By Charlene Shields
Notes from the White County Historical Society as they appear in "The Carmi Times."
Copyright ©2000 by "The Carmi Times" Permission to reprint granted to Cindy Birk Conley and the ILGenWeb by Tammy Knox, editor, "The Carmi Times."
A pioneer's story of the early West
Former Grayville citizen Bob Walsh, now of Mt. Vernon, Ill., comes in to visit the library from time to time. Recently he brought in some pictures from the early 1900s, and he brought along his mother's scrapbook.
As with many old scrapbooks, the clippings do not list the name of the newspaper in which they appeared or the date. There were many interesting items, but one especially caught my eye because of my Hon connection.
Mrs. Carson Hon was the former Mary Ellen Crowder, daughter of Phillip Jr. and Maria Bower Crowder. Philip Crowder Sr. was a colorful ancestor who fought with Andrew Jackson at the Battle of New Orleans. Mary Ellen was born in 1848 and died in 1912. She married Carson Hon in 1866.
At some point she wrote to the local paper telling of some of her travels. The following article was written by Mrs. Carson Hon.
"The following is a short sketch of my travels. In 1849, my father and several uncles left Pike County, Ill. and went to California at the time of the gold rush and came back to Pike County near Quincy in 1850. They then made up a train and took their families; my father and mother had three children, one older than I and a brother younger. One sister was born on the Humboldt River on the way out, lived to be grown and passed away in 1916.
Those in the train included my grandfather Bower and Phillip Crowder Sr. and wife, daughter and son; my father, Phillip Crowder Jr. and family; John G. Bower and wife and three boys; Uncle Edwin Bower; and several friends and neighbors. They went somewhere in Missouri, I think it might have been Kansas City, and camped there until other emigrants joined them to make it safe to go on.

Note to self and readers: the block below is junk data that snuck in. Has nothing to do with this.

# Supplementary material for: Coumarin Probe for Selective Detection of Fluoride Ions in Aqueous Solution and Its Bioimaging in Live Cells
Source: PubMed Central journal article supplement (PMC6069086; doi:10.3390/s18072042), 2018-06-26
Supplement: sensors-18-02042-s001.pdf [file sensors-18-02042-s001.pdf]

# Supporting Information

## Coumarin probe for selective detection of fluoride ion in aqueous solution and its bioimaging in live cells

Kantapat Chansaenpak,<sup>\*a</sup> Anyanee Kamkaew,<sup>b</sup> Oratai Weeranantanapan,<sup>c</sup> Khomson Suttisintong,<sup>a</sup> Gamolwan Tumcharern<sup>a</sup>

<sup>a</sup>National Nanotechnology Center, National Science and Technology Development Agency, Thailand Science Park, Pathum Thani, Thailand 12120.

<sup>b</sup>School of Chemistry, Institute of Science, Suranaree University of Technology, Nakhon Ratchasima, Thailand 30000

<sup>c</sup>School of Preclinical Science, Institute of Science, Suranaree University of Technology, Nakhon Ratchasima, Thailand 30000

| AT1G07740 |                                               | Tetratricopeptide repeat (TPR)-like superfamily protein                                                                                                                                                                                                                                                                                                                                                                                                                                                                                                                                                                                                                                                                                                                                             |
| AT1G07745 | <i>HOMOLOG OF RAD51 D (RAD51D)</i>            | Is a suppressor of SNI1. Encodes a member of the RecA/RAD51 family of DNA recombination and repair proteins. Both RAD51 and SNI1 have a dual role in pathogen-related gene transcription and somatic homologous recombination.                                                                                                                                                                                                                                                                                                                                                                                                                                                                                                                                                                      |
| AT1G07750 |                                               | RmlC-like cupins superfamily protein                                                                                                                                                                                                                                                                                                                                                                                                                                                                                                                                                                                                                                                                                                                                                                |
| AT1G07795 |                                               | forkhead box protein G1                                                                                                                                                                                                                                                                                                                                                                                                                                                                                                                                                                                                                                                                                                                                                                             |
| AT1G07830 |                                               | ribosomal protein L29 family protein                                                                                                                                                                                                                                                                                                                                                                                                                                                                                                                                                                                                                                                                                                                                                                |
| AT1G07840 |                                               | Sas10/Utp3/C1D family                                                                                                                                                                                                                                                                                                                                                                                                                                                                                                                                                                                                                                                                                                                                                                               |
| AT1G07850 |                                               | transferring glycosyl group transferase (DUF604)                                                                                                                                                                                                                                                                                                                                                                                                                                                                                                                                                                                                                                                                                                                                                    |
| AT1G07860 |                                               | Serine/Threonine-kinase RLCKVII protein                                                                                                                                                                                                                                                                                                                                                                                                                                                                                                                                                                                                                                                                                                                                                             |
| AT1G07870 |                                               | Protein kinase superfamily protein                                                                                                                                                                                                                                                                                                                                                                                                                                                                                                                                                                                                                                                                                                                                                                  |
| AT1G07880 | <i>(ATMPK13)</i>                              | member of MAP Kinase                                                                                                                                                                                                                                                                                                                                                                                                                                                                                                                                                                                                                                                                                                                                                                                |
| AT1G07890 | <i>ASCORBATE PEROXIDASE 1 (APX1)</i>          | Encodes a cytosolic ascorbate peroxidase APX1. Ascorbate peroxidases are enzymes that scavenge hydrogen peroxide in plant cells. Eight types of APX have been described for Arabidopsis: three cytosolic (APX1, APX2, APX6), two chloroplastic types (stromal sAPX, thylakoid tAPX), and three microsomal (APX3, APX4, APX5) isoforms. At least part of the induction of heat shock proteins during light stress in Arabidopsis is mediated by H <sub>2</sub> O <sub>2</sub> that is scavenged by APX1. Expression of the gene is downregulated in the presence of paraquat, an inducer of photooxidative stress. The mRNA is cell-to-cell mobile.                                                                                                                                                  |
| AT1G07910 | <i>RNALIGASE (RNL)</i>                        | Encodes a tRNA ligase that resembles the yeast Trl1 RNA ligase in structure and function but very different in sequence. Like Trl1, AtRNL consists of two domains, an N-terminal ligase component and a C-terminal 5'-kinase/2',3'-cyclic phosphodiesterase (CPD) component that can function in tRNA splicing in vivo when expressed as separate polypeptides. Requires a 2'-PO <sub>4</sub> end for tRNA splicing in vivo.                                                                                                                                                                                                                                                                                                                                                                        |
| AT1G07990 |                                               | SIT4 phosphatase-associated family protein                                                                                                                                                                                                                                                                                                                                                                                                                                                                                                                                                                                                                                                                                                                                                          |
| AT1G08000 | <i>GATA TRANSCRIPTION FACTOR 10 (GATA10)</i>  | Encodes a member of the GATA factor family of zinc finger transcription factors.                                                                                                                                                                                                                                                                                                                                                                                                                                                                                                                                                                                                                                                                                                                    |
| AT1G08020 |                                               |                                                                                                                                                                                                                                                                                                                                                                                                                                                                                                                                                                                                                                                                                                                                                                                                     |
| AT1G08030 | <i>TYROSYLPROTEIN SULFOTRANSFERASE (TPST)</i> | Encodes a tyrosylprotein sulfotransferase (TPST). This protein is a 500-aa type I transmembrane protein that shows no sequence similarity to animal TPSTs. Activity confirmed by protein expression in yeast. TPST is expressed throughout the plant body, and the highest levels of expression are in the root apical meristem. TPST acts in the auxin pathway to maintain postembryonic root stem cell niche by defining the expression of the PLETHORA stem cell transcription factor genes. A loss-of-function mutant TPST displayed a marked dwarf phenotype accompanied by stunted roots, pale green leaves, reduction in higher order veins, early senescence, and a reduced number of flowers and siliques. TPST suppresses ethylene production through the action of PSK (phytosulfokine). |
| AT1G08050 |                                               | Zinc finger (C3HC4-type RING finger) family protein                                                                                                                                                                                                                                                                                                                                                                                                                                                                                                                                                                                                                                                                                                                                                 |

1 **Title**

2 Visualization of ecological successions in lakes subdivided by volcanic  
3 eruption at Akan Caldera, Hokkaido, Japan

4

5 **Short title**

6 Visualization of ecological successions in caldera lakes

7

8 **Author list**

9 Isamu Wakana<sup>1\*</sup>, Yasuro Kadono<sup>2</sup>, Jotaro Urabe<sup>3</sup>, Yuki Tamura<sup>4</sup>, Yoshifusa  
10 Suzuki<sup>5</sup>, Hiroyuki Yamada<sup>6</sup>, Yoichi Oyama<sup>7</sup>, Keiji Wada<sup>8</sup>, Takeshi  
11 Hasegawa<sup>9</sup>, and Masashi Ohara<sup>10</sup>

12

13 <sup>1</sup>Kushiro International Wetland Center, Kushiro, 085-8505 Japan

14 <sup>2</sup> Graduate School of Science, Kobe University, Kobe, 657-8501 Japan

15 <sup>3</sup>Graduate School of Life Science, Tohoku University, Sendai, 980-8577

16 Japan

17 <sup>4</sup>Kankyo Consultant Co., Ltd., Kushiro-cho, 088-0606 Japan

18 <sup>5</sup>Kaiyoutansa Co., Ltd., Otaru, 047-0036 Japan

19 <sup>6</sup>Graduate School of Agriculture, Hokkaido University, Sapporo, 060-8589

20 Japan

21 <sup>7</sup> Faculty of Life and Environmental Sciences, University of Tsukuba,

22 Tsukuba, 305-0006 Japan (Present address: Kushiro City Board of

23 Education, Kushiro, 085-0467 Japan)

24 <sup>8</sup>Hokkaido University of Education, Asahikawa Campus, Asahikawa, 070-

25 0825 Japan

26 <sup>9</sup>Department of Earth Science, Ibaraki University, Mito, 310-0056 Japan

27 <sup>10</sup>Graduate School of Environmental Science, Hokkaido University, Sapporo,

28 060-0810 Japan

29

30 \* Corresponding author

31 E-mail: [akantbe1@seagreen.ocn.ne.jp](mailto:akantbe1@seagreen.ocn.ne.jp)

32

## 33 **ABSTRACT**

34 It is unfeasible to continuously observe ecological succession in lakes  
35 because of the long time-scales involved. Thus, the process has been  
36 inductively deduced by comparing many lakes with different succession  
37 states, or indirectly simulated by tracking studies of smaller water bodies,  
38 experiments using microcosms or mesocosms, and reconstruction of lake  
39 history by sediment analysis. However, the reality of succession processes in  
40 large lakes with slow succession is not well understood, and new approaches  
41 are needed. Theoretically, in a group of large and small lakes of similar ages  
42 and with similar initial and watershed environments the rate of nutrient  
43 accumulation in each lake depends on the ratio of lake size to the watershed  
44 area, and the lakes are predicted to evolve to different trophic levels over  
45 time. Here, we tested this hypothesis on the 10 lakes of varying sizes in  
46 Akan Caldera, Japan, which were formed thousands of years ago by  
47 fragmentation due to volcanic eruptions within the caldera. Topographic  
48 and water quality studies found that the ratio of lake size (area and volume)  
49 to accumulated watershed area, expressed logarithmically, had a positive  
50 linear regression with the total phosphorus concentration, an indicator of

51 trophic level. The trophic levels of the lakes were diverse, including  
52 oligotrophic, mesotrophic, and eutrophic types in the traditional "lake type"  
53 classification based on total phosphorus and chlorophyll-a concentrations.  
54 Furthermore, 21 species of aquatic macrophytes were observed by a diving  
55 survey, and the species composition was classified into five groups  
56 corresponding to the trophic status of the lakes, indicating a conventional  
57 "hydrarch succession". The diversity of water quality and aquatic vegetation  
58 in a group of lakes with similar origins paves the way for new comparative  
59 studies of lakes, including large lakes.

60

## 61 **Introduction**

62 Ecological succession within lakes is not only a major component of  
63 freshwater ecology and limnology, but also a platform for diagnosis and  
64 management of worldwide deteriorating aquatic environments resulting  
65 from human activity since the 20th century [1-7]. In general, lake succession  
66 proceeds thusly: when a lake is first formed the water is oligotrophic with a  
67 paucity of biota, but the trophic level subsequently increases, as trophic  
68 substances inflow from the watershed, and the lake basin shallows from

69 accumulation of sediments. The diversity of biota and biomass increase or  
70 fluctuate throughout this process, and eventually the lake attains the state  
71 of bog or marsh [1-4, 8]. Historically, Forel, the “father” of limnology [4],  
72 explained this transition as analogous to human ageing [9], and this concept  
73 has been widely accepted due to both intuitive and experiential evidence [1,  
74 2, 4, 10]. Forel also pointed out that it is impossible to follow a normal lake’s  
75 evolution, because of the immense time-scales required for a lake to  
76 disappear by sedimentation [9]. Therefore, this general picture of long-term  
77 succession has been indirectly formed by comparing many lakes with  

They then elected a captain and other officers. I was too young to remember, but have heard my parents tell about the trip. Most of the wagons were pulled by ox teams and also cows, for they drove the cows in the teams then.
We were about three months on the road, had no trouble with the Indians, and none of the crowd died on the way. We camped on the Humboldt, then went on to Yolo County, about six miles from Woodland and 2 1/2 miles from Cacheville, and settled. We lived in tents until my father made clapboards to build his house of oak trees.
My father, uncle and grandfather all had adjoining farms. Grizzly bears passed through our farms, going from the low hills to the sink or Cache Creek; that was a thicket and blackberry patch. Very little of Yolo County was settled at that time; later it was a great farming country.
l lived there until I was 18 years of age. At that time, there was no levee along the Sacramento River (now there is one about 18 feet high), and when the river was up, it flooded all of the land between Sacramento and Woodland.
In 1854 Carson Hon of Phillipstown, White County, came out there and worked part-time on the farm and part-time mining in the mountains."
The article will be concluded next week.
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